Life is full of surprises. When they are filled with wonder and delight and joy, I am grateful. It makes me think of a morning prayer I have used. “New every morning is your love great God of light.” Surprises can be a means of grace.

With Faith and With Feathers,


Tuesday, August 7, 2012


Health means maturity…. The life of a healthy individual is characterized by fears, conflicting feelings, doubts, frustrations, as much as by positive features.
D. W. Winnicott, Home is Where We Start From, 22, 27

Since I last wrote, I have attended the North Central Jurisdiction of the United Methodist Church, went on vacation – including a trip to Niagara Falls (more about that in a future post), and I attended my 35th high school class reunion. I hope that is reason enough not to have posted for a while. I am committed to writing more regularly as summer moves toward autumn.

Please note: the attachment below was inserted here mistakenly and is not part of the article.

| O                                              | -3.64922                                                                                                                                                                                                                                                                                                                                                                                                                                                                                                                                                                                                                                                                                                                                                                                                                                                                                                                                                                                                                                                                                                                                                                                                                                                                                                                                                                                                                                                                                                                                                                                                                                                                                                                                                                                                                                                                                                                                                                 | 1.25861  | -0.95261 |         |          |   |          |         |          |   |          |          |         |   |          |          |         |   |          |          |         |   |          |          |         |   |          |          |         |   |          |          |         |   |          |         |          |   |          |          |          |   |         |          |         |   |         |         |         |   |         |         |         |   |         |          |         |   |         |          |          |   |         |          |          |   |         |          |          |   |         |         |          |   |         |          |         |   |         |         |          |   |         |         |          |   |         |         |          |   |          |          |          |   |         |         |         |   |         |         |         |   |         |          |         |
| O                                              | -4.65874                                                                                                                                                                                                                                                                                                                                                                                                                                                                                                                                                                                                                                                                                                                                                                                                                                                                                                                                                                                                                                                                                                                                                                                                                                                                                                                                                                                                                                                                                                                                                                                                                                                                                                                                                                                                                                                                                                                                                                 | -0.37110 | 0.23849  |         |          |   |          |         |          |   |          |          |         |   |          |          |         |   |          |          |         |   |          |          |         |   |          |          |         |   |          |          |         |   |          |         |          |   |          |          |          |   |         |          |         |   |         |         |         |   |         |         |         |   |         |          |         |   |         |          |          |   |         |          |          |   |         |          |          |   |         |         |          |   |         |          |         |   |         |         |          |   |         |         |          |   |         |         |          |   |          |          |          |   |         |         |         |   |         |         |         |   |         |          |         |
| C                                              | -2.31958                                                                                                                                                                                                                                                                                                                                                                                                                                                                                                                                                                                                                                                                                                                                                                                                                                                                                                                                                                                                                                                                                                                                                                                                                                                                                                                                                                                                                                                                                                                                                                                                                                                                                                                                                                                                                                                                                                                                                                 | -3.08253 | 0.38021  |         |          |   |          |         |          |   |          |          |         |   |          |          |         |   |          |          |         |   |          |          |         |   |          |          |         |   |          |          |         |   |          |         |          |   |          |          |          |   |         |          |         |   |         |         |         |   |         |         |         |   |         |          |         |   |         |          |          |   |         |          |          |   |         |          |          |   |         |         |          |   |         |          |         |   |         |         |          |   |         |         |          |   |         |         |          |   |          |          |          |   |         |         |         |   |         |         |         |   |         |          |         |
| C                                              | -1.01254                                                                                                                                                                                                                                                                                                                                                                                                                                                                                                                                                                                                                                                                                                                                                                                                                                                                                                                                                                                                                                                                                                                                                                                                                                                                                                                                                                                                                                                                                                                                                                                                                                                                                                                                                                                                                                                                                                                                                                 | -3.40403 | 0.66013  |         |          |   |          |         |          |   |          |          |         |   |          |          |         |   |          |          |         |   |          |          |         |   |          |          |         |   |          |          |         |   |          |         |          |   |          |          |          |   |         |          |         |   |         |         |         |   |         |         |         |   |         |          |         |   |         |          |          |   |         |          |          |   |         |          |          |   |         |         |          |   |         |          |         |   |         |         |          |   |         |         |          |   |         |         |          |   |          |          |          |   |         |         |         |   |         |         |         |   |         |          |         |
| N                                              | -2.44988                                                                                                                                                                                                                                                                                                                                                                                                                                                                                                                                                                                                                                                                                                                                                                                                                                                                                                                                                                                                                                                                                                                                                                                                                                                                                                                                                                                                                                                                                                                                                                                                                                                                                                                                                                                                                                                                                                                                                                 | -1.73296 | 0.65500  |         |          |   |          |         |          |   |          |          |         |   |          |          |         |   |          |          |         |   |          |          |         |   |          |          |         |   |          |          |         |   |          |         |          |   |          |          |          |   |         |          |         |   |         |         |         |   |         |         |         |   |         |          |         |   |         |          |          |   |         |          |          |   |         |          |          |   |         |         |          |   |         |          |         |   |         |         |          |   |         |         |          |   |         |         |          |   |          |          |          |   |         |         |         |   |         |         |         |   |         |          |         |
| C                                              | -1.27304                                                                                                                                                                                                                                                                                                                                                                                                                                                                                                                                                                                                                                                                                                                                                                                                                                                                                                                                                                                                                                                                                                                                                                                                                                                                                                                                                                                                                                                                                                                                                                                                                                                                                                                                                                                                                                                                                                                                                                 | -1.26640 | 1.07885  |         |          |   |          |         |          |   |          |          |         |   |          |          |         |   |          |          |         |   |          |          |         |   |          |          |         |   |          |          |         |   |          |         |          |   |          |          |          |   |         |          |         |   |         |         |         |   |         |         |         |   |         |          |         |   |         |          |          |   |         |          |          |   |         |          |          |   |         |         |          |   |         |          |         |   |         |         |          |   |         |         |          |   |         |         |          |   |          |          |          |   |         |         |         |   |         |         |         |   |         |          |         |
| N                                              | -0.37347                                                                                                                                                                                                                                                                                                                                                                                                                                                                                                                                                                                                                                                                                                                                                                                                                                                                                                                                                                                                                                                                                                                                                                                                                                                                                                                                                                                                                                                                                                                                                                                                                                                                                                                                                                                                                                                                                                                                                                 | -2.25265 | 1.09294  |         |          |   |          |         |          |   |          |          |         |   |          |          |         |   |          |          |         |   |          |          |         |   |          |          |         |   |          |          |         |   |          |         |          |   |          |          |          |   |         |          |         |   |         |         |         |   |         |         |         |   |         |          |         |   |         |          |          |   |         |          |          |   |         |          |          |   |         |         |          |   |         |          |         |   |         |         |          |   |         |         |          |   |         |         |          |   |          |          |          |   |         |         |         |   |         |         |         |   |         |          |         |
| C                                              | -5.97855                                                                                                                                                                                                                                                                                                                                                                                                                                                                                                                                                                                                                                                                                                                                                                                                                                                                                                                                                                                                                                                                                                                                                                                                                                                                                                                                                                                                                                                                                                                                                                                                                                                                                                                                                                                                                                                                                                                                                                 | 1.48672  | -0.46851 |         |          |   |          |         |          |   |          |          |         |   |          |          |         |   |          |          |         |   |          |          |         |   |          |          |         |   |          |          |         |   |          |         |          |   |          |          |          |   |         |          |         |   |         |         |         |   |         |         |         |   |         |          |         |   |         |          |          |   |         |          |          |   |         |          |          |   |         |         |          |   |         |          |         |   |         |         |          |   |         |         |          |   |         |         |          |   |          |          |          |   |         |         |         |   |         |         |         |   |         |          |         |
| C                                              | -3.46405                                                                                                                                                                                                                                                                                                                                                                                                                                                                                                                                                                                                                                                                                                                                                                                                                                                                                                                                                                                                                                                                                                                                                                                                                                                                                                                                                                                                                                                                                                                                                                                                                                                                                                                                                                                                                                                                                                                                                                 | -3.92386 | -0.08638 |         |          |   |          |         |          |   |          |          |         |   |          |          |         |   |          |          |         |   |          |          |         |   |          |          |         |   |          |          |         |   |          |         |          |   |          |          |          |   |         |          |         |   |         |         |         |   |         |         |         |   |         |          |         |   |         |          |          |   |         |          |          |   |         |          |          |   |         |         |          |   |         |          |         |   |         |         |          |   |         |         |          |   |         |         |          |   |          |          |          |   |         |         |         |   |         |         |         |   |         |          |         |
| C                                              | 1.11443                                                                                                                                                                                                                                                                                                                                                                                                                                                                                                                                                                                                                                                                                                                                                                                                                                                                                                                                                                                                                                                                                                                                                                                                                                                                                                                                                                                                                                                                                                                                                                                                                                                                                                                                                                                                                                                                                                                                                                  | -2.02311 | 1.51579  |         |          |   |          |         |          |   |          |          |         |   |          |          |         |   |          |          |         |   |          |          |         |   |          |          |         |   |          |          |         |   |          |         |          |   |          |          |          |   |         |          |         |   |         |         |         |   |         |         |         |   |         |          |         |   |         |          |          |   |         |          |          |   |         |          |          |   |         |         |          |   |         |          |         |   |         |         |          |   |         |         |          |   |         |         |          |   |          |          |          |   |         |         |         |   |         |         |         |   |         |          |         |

So I attended my high school class reunion. It was a lot of fun. I enjoyed seeing people, some of whom I have not seen since high school. Friday night we were at a local restaurant/bar and there were televisions. I have also been following the Olympics and asked if a television might be turned to the games. I can multi-task! I never said to anyone, “Nice to see you again but can you move a little so I can watch this swim.”
High school reunions push me to think about growing older and change. I also think about what it means to not only grow older but also to grow up, to mature. Chronological age does not automatically bring maturity. The Olympics have also helped me think a bit about maturity.